As we discussed, my skin felt hot and flushed; I didn’t know what to say. My friend had just described a hypothetical scenario of someone living in direct opposition to the laws of the church, and described how he would have to reprimand someone who was living that way. And there I was, right beside him, living that life, deserving of reprimand. 

In that conversation it became abundantly clear to me that how I was living was in direct contrast to the CRC’s position on the issue. And the CRC’s opinion isn’t a casual disagreement with cohabitation by any means; the church’s stance is that anyone who practices cohabitation or pre-marital sex will not inherit the kingdom of God—sounds like synodical shorthand for: you’re going to hell, bub. 

Well, shit. 

When I first realized how serious the CRC took my living situation, I felt ashamed, not of how I was choosing to live, but that I had quite seriously broken the rules of the people I had tried to please my whole life. In the CRC I was brought up to memorize catechisms, canons, and psalms and recite them to my pastor. I recited the confessions. I stood for the reading of the Bible. I did those things in complete earnest, and all of the sudden, there I was breaking the rules so bad that I was going to hell!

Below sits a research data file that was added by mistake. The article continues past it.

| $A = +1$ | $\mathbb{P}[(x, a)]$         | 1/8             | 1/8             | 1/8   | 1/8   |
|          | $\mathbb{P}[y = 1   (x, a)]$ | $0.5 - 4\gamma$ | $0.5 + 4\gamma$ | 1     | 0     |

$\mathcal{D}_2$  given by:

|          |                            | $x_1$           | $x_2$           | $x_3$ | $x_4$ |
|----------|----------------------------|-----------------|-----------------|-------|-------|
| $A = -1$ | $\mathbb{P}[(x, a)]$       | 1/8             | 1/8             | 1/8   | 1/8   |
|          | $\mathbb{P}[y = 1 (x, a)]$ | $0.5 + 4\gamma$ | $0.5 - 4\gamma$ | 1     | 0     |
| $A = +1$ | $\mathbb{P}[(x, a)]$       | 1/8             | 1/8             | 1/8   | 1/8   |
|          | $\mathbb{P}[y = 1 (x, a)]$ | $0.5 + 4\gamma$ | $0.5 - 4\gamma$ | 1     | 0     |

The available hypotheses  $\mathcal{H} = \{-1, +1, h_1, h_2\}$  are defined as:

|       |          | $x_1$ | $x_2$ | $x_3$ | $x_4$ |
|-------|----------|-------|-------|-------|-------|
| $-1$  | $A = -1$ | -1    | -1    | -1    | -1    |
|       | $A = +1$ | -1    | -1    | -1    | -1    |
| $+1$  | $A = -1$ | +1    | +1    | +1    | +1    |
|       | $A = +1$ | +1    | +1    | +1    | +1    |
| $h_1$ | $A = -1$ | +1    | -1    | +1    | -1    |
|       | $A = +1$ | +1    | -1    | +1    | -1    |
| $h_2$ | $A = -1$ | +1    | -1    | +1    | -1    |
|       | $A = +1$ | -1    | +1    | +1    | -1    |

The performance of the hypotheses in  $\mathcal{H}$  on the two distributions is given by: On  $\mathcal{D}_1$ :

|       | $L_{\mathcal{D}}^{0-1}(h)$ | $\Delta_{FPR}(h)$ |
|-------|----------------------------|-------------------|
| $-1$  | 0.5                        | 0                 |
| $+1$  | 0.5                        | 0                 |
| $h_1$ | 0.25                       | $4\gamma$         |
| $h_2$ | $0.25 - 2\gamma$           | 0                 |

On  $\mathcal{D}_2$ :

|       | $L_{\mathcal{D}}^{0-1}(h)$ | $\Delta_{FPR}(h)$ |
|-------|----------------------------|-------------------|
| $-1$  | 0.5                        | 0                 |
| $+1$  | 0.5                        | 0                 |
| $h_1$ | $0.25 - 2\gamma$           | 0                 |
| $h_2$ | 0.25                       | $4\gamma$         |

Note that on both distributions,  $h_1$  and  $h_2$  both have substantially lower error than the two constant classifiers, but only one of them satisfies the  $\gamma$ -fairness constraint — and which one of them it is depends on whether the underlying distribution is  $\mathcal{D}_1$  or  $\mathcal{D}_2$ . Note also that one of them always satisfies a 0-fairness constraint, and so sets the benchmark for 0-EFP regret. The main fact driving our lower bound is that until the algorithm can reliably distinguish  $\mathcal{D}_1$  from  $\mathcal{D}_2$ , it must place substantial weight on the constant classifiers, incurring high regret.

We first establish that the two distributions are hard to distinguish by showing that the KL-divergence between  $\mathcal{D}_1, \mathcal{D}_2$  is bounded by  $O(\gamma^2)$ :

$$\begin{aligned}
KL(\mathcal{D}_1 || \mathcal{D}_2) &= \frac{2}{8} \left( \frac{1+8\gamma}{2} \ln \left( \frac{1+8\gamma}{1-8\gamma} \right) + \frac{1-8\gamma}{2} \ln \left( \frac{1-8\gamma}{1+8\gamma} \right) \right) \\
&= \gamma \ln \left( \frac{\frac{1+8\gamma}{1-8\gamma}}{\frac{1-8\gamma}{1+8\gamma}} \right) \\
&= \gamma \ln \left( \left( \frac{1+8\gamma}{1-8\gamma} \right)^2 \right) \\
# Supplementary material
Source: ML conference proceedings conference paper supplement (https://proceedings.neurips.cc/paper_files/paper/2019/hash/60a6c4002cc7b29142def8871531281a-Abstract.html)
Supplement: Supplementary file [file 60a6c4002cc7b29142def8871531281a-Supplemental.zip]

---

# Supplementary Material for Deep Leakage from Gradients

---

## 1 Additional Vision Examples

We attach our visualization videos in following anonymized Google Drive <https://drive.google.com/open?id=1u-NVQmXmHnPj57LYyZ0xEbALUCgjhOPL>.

But what for? Being a part of a loving, consensual relationship with the person I intended to be with for the rest of my life? This dissonance struck me as so incredibly ludicrous that it jostled some foundational beliefs deep within me. It fractured the pedestal where I had placed the CRC. 

The shame I felt for having broken the CRC’s rules quickly faded, morphing into a profound confusion about the church, pity over its small mindedness, and sadness for the state of the denomination that has given itself little choice but to shun, exclude, and tell others they’re going to hell. The CRC does not trust me to live how I discern is best, or to love how I choose to love; instead, it declares that it calls the shots, it makes the rules, and it speaks for God when it comes to who’s in and who’s out. According to them I was out, and for the first time in my life, I didn’t want to be back in. 

My partner and I still live together. I accept her, stinky armpits and all. She pops my zits and tolerates me when I fart in bed. If that’s not true love, I don’t know what is. And if that’s going to send me to hell, well, I’d rather be there than in the CRC heaven reciting the Heidelberg Catechism into eternity.


  1. Geneva Langeland

    Amen, Jon.

  2. Josh deLacy

    “And if that’s going to send me to hell, well, I’d rather be there than in the CRC heaven reciting the Heidelberg Catechism into eternity.”

    Yes. The CRC has done a great job of promoting hell.